Accessibility Tools
Bed Wetting (Nocturnal Enuresis)

What is Bed Wetting? 

Bed wetting is involuntary urination by your child while asleep. It is common and normal among children below 7 years and is considered a normal part of their development. While most children outgrow bed wetting as they get older, a few face problems with the condition. 

When is Bed Wetting Worrisome?

Bed wetting may become a medical issue if your child continues to wet the bed during sleep after 7 years of age. This can be embarrassing or upsetting for children and parents alike. Your child may even experience anxiety, feel guilty and develop low self-esteem. Therefore, you need to work with your physician or a provider and take necessary steps that can help improve the condition.

Types of Bed Wetting

There are 2 types of bed wetting:

  • Primary bed wetting: Involuntary night-time urination without a break where your child has never had a dry night. 
  • Secondary bed wetting:  Onset of involuntary night-time urination where your child has started wetting the bed again after a dry period of at least six months. 

Risk Factors or Causes of Bed Wetting

Exact causes of bed wetting are not known, but various factors play a role. They include but are not limited to the following:

  • Gender (more common in boys)
  • Deep sleep or lengthy sleep 
  • Relatively smaller bladder size
  • Urinary tract infection (UTI)
  • Stress or anxiety, fear or insecurity
  • Excessive urine production at night 
  • Chronic constipation or bowel issues 
  • Over exhaustion / hyperactivity 
  • Family history (genetical factor)
  • Underlying medical problems
  • Hormone imbalance (like melatonin)
  • Sleep disorder (insomnia or apnea) 
  • Faulty urinary tract or system
  • Underdeveloped nervous system
  • Abnormalities in the spinal cord

Treatment of Bed Wetting

Typically, bed wetting is expected to go away on its own. However, treatment may become necessary if your child does not stop wetting the bed after 7 years of age. Certain remedial measures at home like behavioral therapy is known to significantly improve the condition and help teach your child not to wet the bed. 

Behavioral therapy mainly involves lifestyle changes such as:

  • Limiting intake of fluids well before their bedtime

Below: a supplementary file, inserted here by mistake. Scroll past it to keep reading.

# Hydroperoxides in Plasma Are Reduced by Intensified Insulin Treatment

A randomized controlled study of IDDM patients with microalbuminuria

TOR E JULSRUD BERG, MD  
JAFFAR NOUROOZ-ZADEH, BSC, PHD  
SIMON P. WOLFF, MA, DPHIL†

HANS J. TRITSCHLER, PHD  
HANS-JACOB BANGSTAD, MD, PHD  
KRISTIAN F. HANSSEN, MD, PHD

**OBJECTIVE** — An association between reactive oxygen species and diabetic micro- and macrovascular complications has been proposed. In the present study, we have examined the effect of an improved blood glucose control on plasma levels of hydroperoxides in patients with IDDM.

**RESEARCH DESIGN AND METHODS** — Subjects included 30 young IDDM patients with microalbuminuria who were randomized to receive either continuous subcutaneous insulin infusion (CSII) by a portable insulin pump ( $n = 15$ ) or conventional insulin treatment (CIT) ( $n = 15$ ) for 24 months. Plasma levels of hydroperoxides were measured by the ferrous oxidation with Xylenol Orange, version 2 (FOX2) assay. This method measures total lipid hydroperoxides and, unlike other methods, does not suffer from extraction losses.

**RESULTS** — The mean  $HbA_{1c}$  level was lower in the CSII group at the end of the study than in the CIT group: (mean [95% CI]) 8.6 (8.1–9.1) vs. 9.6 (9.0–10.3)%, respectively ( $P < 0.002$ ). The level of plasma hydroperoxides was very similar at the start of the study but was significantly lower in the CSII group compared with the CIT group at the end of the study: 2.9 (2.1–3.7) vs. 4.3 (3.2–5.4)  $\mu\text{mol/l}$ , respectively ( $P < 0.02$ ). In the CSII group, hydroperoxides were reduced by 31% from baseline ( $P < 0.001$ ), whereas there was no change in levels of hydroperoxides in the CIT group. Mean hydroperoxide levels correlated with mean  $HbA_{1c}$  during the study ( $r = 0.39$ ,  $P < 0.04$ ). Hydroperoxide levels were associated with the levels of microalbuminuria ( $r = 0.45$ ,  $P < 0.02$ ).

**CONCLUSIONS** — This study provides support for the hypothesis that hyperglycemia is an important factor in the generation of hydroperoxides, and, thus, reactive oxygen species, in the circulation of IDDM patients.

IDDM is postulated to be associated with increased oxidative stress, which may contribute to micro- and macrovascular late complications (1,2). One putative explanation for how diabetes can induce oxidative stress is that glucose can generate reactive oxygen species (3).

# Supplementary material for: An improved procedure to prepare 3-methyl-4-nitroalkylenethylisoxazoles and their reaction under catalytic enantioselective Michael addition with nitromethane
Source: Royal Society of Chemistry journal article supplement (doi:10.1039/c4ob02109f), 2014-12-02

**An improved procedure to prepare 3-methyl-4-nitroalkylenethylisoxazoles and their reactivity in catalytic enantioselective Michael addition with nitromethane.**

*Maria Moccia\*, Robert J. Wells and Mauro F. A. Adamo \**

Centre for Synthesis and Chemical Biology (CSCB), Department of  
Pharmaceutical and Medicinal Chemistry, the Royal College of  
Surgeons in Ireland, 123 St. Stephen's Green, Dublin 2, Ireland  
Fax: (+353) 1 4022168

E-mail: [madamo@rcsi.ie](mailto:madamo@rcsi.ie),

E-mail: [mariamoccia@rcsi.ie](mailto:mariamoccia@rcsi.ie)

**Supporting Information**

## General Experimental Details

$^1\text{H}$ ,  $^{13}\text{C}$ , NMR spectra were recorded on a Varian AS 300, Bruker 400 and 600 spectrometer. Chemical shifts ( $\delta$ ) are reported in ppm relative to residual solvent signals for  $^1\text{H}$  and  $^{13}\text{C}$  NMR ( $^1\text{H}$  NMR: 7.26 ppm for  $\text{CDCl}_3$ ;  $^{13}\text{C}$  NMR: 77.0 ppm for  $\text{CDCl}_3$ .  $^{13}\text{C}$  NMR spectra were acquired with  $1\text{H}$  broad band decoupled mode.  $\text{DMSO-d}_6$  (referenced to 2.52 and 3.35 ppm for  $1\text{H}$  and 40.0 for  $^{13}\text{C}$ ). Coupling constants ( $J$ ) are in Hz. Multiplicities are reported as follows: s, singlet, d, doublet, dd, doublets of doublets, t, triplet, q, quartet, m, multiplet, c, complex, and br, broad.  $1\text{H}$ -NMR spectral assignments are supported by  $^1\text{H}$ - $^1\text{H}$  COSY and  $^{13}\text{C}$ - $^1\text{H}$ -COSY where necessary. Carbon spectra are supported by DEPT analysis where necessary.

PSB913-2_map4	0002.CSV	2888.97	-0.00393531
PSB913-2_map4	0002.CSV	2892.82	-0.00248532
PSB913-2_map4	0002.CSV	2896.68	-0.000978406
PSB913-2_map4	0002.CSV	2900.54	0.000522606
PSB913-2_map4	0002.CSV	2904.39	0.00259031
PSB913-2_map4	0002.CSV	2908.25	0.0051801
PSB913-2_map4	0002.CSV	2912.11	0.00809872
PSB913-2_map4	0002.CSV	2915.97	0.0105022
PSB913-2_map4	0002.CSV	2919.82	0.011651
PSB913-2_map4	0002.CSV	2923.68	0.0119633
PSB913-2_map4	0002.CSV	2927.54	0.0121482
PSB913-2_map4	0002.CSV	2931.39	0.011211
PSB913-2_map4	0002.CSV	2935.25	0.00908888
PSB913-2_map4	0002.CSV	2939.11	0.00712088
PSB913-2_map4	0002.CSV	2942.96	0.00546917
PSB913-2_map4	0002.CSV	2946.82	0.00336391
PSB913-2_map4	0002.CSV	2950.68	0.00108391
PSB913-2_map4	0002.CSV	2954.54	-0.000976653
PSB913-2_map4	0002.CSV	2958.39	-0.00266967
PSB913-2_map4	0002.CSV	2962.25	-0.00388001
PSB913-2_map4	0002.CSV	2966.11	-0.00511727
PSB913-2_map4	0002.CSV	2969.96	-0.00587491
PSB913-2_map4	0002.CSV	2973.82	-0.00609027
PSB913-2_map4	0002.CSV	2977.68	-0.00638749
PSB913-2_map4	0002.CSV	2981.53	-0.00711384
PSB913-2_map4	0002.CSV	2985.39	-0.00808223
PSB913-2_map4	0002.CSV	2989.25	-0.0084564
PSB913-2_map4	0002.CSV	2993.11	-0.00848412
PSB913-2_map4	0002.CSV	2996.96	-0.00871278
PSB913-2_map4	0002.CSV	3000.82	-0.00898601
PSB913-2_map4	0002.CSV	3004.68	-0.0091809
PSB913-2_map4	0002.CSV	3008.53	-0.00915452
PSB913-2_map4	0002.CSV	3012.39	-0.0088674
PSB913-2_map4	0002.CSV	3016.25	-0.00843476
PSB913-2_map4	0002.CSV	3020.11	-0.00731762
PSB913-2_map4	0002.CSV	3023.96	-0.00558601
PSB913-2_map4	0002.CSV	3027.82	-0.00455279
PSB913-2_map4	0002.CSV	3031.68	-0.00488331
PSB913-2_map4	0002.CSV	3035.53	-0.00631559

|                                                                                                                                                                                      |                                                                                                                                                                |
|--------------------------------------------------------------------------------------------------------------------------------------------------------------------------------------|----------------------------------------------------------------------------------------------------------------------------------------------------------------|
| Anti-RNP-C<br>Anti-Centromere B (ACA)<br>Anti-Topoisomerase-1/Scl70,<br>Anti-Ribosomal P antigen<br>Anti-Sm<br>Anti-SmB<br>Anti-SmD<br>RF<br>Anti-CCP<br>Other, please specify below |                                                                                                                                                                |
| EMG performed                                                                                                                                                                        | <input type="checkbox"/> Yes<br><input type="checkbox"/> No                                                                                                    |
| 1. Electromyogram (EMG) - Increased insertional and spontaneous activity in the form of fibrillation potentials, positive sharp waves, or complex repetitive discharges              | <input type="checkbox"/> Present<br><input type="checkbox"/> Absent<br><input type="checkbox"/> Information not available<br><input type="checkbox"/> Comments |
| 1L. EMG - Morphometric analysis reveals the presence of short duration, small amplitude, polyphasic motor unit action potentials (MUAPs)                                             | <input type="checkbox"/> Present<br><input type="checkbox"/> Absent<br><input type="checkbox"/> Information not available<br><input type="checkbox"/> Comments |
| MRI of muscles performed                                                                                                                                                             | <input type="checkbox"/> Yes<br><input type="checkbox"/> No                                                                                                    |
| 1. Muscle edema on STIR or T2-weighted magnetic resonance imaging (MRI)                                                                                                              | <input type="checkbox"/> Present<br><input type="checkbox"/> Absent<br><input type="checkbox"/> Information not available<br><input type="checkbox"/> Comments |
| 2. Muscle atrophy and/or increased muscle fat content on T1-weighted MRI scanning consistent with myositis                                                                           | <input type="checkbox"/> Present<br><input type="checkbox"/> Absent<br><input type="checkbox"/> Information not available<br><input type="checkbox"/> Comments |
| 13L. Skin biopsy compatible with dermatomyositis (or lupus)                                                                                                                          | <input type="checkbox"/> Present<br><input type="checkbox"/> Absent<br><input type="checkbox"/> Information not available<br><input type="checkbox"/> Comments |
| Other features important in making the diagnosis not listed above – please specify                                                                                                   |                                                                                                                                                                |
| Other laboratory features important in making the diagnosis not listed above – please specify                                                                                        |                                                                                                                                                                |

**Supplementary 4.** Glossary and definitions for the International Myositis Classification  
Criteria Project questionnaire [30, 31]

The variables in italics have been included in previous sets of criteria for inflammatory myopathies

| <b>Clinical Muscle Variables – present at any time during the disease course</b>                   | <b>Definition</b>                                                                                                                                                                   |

• Avoiding salty snacks or sugary drinks during the evening
  • Making it a habit to urinate right before going to sleep
  • Encouraging regular toilet use all through the day

Additionally, parents need to follow the below tips for a better outcome:

  • Be sensitive to your child's feelings or emotions
  • Be honest and talk to your child about what is going on 
  • Never blame or punish your child as it is not premeditated  
  • Be positive, offer support and reward your child for dry nights

Basically, your child needs to know that their bed wetting is not his or her fault and is expected and accepted before it disappears on its own or with treatment.

If the results are not encouraging after trying behavioral therapies, your child may require the intervention of your physician or a provider for treatment. 

Depending on the severity of bed wetting, your healthcare provider may recommend any one or combination of the following.

Bed wetting alarm: This is a small, battery-operated device connected to your child’s pad or underwear. When your child urinates, the moisture-sensitive device vibrates, buzzes and sets off an alarm so the child can wake up to use the toilet.

Bladder training: This technique aims to increase intervals between your child’s bathroom visits and helps them become used to holding urine for a longer time. This aids in stretching and enlarging the bladder to allow it to hold more urine.

Medication: If none of the above is helping, your doctor may prescribe medications as a last resort.  These medications force the body to make less urine at night and eventually stop bed wetting. 

Note that medication may lead to certain side effects. Moreover, bed wetting will typically return once the medication is stopped making it a short-term option.

Your doctor is the ideal source for advice about treatment and the right person to decide on what works best for your child. With appropriate treatment and support, your child can look forward to dry nights in the bed.